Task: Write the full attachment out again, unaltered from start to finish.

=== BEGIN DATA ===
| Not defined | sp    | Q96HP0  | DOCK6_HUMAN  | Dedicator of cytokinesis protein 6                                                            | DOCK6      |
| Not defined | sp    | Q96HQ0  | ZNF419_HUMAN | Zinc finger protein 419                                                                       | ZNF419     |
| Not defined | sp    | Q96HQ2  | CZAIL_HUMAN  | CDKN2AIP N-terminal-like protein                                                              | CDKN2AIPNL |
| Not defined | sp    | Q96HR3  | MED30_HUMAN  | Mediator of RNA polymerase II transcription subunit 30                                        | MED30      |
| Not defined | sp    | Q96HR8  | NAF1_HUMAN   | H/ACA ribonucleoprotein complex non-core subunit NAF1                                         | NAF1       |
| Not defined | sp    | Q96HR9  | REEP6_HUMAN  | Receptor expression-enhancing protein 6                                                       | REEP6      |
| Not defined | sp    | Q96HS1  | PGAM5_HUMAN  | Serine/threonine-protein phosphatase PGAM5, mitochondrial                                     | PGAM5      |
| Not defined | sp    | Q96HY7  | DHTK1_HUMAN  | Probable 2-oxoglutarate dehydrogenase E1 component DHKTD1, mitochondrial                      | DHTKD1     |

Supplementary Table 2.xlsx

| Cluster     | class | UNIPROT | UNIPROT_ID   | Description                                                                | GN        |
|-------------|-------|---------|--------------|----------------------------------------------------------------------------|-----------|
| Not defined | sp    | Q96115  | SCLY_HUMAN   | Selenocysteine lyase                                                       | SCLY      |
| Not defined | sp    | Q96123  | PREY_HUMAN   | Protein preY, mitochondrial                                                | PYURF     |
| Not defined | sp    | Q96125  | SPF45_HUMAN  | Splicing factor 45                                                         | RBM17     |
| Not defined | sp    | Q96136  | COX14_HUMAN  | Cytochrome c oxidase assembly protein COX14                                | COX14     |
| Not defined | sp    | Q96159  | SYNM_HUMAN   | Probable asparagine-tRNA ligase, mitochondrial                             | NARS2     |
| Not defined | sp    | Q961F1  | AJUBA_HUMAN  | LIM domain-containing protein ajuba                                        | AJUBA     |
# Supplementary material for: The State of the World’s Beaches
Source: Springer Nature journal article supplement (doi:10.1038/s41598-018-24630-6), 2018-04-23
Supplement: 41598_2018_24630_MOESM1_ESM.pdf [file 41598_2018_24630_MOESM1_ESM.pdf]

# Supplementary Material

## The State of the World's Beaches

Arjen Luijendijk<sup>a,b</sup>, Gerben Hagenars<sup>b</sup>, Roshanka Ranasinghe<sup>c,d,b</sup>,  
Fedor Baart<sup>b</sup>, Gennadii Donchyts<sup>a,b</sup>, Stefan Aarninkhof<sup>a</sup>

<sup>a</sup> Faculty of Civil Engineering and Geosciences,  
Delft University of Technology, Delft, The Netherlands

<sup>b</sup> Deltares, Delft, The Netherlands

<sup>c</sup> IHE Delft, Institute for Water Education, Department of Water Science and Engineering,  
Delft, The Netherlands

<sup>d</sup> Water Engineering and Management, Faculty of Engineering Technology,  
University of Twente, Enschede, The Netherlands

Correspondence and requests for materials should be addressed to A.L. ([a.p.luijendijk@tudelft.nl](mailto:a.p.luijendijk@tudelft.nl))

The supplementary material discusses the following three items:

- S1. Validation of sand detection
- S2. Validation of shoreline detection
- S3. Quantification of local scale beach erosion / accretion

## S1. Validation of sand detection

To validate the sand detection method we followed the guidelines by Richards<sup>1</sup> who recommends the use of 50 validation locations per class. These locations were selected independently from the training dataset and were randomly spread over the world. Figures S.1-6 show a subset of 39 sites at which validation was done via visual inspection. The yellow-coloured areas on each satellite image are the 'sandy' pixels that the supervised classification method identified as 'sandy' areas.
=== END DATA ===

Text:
| Not defined | sp    | Q96HP0  | DOCK6_HUMAN  | Dedicator of cytokinesis protein 6                                                            | DOCK6      |
| Not defined | sp    | Q96HQ0  | ZNF419_HUMAN | Zinc finger protein 419                                                                       | ZNF419     |
| Not defined | sp    | Q96HQ2  | CZAIL_HUMAN  | CDKN2AIP N-terminal-like protein                                                              | CDKN2AIPNL |
| Not defined | sp    | Q96HR3  | MED30_HUMAN  | Mediator of RNA polymerase II transcription subunit 30                                        | MED30      |
| Not defined | sp    | Q96HR8  | NAF1_HUMAN   | H/ACA ribonucleoprotein complex non-core subunit NAF1                                         | NAF1       |
| Not defined | sp    | Q96HR9  | REEP6_HUMAN  | Receptor expression-enhancing protein 6                                                       | REEP6      |
| Not defined | sp    | Q96HS1  | PGAM5_HUMAN  | Serine/threonine-protein phosphatase PGAM5, mitochondrial                                     | PGAM5      |
| Not defined | sp    | Q96HY7  | DHTK1_HUMAN  | Probable 2-oxoglutarate dehydrogenase E1 component DHKTD1, mitochondrial                      | DHTKD1     |

Supplementary Table 2.xlsx

| Cluster     | class | UNIPROT | UNIPROT_ID   | Description                                                                | GN        |
|-------------|-------|---------|--------------|----------------------------------------------------------------------------|-----------|
| Not defined | sp    | Q96115  | SCLY_HUMAN   | Selenocysteine lyase                                                       | SCLY      |
| Not defined | sp    | Q96123  | PREY_HUMAN   | Protein preY, mitochondrial                                                | PYURF     |
| Not defined | sp    | Q96125  | SPF45_HUMAN  | Splicing factor 45                                                         | RBM17     |
| Not defined | sp    | Q96136  | COX14_HUMAN  | Cytochrome c oxidase assembly protein COX14                                | COX14     |
| Not defined | sp    | Q96159  | SYNM_HUMAN   | Probable asparagine-tRNA ligase, mitochondrial                             | NARS2     |
| Not defined | sp    | Q961F1  | AJUBA_HUMAN  | LIM domain-containing protein ajuba                                        | AJUBA     |
# Supplementary material for: The State of the World’s Beaches
Source: Springer Nature journal article supplement (doi:10.1038/s41598-018-24630-6), 2018-04-23
Supplement: 41598_2018_24630_MOESM1_ESM.pdf [file 41598_2018_24630_MOESM1_ESM.pdf]

# Supplementary Material

## The State of the World's Beaches

Arjen Luijendijk<sup>a,b</sup>, Gerben Hagenars<sup>b</sup>, Roshanka Ranasinghe<sup>c,d,b</sup>,  
Fedor Baart<sup>b</sup>, Gennadii Donchyts<sup>a,b</sup>, Stefan Aarninkhof<sup>a</sup>

<sup>a</sup> Faculty of Civil Engineering and Geosciences,  
Delft University of Technology, Delft, The Netherlands

<sup>b</sup> Deltares, Delft, The Netherlands

<sup>c</sup> IHE Delft, Institute for Water Education, Department of Water Science and Engineering,  
Delft, The Netherlands

<sup>d</sup> Water Engineering and Management, Faculty of Engineering Technology,  
University of Twente, Enschede, The Netherlands

Correspondence and requests for materials should be addressed to A.L. ([a.p.luijendijk@tudelft.nl](mailto:a.p.luijendijk@tudelft.nl))

The supplementary material discusses the following three items:

- S1. Validation of sand detection
- S2. Validation of shoreline detection
- S3. Quantification of local scale beach erosion / accretion

## S1. Validation of sand detection

To validate the sand detection method we followed the guidelines by Richards<sup>1</sup> who recommends the use of 50 validation locations per class. These locations were selected independently from the training dataset and were randomly spread over the world. Figures S.1-6 show a subset of 39 sites at which validation was done via visual inspection. The yellow-coloured areas on each satellite image are the 'sandy' pixels that the supervised classification method identified as 'sandy' areas.